Today’s question comes from a member of our community in New Jersey who participated in a recent Community Call, and is answered by:Laura Berman Fortgang.  

Question:

Hi, Laura.  Like you, I’m an alumna of Montclair State University.  I was the first one in my family to go to college and after I graduated, I realized I had no professional models to look to.  Rather than work with children, which was my interest at the time, I became a secretary because I was able to make more money.  But now, I got laid off and I’m wondering where to go from here.  At this point in my career, I enjoy working with adults.  I have a 21-year old daughter and I’m not sure whether to go back to school or look for work elsewhere.  What do you think?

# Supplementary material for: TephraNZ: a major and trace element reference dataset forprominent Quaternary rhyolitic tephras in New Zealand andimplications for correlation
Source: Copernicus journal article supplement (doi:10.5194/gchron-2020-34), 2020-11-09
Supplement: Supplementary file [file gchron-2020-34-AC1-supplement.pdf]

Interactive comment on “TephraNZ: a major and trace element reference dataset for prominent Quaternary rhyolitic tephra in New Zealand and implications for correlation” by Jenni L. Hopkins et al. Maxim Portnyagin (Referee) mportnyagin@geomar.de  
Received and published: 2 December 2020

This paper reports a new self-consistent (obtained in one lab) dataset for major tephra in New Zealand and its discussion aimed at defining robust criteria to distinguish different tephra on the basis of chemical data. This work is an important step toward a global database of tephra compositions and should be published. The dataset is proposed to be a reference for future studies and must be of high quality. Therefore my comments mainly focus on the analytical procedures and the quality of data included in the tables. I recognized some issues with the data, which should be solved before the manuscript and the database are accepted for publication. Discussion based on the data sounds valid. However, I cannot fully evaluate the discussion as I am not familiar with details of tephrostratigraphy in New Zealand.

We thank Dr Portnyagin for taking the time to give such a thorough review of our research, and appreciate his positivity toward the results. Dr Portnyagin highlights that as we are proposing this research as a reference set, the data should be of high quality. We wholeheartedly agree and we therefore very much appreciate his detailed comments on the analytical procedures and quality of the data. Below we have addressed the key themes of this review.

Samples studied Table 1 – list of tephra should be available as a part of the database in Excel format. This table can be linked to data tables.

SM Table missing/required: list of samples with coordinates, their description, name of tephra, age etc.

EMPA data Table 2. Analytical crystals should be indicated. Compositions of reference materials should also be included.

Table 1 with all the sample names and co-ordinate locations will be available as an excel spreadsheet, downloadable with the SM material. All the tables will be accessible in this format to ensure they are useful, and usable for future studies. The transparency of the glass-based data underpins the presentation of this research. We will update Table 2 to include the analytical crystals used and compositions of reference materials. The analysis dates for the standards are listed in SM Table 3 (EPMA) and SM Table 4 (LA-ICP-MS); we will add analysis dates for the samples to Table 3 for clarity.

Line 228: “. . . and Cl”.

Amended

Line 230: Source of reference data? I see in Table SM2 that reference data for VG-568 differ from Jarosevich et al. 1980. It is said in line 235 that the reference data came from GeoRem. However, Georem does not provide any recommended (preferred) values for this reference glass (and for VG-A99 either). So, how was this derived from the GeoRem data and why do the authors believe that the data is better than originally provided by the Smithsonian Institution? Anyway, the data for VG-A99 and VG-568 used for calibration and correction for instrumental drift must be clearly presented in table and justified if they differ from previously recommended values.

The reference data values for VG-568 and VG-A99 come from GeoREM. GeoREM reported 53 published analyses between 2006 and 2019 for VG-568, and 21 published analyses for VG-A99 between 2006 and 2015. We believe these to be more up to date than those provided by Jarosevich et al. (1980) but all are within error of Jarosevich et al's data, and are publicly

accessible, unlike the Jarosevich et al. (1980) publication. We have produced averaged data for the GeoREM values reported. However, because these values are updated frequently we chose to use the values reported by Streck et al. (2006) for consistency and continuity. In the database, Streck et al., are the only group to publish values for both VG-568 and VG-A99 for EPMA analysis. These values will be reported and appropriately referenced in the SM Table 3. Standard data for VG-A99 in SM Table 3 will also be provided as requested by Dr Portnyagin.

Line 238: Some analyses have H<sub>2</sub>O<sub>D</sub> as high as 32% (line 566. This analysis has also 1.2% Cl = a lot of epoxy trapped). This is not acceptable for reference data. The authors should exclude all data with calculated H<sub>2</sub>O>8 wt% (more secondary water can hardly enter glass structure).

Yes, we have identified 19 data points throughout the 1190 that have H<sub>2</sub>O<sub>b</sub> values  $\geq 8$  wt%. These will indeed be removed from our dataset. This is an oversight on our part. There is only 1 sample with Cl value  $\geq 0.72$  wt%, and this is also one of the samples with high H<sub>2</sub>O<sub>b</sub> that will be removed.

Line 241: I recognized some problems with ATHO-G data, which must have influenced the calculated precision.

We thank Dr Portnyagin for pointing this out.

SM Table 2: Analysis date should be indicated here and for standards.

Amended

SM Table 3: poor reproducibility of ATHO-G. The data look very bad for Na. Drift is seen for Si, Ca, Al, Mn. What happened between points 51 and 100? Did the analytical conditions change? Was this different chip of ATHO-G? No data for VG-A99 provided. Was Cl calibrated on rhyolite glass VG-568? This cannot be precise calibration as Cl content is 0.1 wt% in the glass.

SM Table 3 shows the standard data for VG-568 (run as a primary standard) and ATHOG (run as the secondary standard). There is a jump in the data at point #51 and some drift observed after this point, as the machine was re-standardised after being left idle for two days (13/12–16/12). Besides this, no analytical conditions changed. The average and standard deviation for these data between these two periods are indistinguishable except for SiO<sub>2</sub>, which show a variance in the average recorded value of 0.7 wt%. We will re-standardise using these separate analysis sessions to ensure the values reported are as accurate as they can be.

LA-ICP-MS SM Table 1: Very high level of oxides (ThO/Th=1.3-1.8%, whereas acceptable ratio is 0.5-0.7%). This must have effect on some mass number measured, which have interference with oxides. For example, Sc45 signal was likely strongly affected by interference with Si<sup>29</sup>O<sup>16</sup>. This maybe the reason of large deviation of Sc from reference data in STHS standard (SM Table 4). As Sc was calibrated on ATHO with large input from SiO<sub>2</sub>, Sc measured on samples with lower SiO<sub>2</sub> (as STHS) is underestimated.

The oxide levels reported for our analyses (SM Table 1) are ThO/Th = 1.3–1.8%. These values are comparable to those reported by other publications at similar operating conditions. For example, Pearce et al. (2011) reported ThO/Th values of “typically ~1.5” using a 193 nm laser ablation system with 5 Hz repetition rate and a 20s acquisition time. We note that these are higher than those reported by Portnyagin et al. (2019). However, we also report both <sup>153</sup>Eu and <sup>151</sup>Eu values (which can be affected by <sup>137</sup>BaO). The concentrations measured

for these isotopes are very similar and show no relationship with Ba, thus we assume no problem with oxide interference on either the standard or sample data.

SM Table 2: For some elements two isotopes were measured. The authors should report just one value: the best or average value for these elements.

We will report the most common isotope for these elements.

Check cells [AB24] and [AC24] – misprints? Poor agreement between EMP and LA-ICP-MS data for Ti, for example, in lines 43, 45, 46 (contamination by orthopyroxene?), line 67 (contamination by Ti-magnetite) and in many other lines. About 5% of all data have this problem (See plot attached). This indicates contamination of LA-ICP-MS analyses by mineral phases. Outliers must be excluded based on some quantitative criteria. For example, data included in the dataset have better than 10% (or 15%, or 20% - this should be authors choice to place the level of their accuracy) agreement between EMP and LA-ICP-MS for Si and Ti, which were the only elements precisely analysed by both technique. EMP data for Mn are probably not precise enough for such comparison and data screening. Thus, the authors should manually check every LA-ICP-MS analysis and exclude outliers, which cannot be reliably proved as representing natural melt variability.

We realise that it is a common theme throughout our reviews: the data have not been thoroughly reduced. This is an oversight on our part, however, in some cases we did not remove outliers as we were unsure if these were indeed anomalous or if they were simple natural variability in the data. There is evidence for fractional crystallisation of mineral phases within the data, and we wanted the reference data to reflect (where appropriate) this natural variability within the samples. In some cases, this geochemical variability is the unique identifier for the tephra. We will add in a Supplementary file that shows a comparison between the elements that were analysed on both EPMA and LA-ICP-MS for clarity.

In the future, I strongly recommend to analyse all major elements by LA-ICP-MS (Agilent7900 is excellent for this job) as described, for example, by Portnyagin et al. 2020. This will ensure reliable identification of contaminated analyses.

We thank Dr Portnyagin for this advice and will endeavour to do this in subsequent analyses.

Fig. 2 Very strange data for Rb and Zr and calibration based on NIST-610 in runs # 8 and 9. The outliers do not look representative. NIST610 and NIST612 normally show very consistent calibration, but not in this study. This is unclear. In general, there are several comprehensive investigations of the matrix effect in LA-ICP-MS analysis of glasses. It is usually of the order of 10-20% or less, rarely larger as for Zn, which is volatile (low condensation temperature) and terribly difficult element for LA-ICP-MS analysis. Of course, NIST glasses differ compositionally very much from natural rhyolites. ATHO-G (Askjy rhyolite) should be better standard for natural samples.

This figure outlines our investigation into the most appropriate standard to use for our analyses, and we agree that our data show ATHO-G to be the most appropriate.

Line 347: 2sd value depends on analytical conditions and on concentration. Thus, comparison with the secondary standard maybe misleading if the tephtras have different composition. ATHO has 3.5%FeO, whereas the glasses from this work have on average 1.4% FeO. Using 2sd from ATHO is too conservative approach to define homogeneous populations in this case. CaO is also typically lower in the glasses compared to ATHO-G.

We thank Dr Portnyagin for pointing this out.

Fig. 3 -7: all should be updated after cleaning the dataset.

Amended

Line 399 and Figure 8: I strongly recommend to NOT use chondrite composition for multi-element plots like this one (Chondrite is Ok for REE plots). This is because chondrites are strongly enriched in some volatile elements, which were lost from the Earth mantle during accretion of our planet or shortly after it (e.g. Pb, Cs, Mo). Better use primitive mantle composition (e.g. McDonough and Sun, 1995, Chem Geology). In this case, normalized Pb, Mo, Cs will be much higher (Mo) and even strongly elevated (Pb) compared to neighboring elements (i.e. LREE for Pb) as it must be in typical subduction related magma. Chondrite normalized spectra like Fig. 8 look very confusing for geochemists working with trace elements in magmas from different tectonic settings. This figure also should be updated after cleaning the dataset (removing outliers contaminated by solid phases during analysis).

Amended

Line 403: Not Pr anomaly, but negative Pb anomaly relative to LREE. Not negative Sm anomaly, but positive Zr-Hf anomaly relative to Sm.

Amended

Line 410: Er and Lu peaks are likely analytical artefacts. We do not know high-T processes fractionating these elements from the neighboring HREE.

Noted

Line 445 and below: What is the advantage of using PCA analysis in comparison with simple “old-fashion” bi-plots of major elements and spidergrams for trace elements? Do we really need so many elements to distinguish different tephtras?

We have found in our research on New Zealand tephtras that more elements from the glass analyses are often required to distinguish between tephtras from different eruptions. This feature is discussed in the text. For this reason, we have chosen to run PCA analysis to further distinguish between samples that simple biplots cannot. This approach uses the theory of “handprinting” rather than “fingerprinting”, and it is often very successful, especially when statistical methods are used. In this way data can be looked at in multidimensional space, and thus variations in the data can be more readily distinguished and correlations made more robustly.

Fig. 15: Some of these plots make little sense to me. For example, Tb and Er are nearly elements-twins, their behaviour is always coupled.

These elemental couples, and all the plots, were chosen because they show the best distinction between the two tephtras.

Answer:

I want to acknowledge you for the paths you pioneered in your family and  for modeling to your daughter what’s important in the world.  Of course security is important to you, but being laid off is an opportunity to change.  Just like the stock market corrects itself if it goes too far one way or the other, a lot of people now are getting to correct course as well.  If doors are not opening in secretarial jobs, for instance, maybe it’s now time to get to do what you want to do, after having done what you had to do.  I can hear in your voice that you’re a poised person and that you have a good personality and an honest work ethic, so remember to build on these things.  This may mean meeting people in person, networking, and talking to people you already know vs. just sending out resumes.